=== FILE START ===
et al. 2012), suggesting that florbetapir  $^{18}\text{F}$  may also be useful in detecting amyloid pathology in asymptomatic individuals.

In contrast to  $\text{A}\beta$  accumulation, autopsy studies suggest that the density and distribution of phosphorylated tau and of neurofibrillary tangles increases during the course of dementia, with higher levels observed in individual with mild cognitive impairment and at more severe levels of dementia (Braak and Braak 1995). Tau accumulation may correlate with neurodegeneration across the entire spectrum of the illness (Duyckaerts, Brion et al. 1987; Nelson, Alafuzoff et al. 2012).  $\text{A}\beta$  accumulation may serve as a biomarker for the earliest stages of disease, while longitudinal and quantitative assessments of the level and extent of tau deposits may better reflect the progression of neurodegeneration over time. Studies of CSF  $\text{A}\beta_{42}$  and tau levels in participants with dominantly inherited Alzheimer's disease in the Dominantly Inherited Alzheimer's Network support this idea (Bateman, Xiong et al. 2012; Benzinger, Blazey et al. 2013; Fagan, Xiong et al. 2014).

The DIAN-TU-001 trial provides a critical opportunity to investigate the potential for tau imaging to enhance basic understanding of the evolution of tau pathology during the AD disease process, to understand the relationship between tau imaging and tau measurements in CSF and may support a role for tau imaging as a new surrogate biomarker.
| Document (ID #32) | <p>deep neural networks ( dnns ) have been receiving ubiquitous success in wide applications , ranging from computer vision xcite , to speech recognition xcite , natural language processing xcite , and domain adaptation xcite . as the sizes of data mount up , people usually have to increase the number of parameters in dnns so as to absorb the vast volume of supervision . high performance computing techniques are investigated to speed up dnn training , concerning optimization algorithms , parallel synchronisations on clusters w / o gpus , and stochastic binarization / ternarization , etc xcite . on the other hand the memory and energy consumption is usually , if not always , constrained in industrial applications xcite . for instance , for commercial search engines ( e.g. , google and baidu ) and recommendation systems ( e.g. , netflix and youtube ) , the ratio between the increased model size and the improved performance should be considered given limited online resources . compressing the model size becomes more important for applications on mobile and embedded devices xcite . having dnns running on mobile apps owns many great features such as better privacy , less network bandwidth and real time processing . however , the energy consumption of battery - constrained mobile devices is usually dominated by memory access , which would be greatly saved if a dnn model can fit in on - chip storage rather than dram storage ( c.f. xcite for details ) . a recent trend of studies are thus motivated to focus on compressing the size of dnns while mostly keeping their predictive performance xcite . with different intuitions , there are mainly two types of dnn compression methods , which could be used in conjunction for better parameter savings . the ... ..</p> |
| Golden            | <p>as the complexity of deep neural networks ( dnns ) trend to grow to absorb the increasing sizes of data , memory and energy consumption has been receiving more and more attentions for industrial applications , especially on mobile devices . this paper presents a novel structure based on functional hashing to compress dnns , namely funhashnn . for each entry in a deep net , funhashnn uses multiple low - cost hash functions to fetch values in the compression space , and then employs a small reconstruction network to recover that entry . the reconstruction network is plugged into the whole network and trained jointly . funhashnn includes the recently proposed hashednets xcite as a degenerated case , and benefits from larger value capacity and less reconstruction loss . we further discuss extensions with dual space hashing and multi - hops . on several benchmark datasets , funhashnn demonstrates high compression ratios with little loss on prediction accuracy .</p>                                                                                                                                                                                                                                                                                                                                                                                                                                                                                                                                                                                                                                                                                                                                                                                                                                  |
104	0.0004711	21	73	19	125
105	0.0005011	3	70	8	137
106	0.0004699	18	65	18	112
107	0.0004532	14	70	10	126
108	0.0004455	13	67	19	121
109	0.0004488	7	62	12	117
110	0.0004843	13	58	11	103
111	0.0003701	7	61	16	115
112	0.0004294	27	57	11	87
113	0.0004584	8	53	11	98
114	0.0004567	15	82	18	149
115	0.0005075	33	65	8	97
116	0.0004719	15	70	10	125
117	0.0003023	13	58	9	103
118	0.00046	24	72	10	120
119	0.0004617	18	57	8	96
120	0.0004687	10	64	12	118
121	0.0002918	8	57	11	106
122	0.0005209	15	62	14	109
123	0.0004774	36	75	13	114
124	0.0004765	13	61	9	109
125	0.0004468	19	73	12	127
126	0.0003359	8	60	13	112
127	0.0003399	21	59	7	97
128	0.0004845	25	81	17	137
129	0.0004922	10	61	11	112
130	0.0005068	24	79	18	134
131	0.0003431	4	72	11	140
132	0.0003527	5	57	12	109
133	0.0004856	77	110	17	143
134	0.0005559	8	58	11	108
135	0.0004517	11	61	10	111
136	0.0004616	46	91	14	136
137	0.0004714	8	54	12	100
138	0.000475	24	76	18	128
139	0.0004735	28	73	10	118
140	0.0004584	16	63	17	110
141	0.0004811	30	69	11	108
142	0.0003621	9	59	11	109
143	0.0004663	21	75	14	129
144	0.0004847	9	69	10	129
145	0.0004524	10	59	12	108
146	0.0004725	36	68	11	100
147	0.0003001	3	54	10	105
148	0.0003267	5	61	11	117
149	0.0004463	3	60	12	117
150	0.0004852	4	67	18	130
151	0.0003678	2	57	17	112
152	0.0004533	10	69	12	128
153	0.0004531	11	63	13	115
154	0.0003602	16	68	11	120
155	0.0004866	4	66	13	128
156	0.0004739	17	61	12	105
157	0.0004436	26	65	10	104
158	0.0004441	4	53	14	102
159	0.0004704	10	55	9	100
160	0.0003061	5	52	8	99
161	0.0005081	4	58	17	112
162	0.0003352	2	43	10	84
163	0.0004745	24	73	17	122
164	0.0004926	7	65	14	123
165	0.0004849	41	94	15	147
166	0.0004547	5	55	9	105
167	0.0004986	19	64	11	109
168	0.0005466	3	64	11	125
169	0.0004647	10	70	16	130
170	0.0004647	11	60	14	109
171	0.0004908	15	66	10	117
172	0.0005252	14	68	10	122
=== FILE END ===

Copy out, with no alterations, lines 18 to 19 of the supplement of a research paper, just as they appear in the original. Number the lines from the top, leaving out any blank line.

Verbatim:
116	0.0004719	15	70	10	125
117	0.0003023	13	58	9	103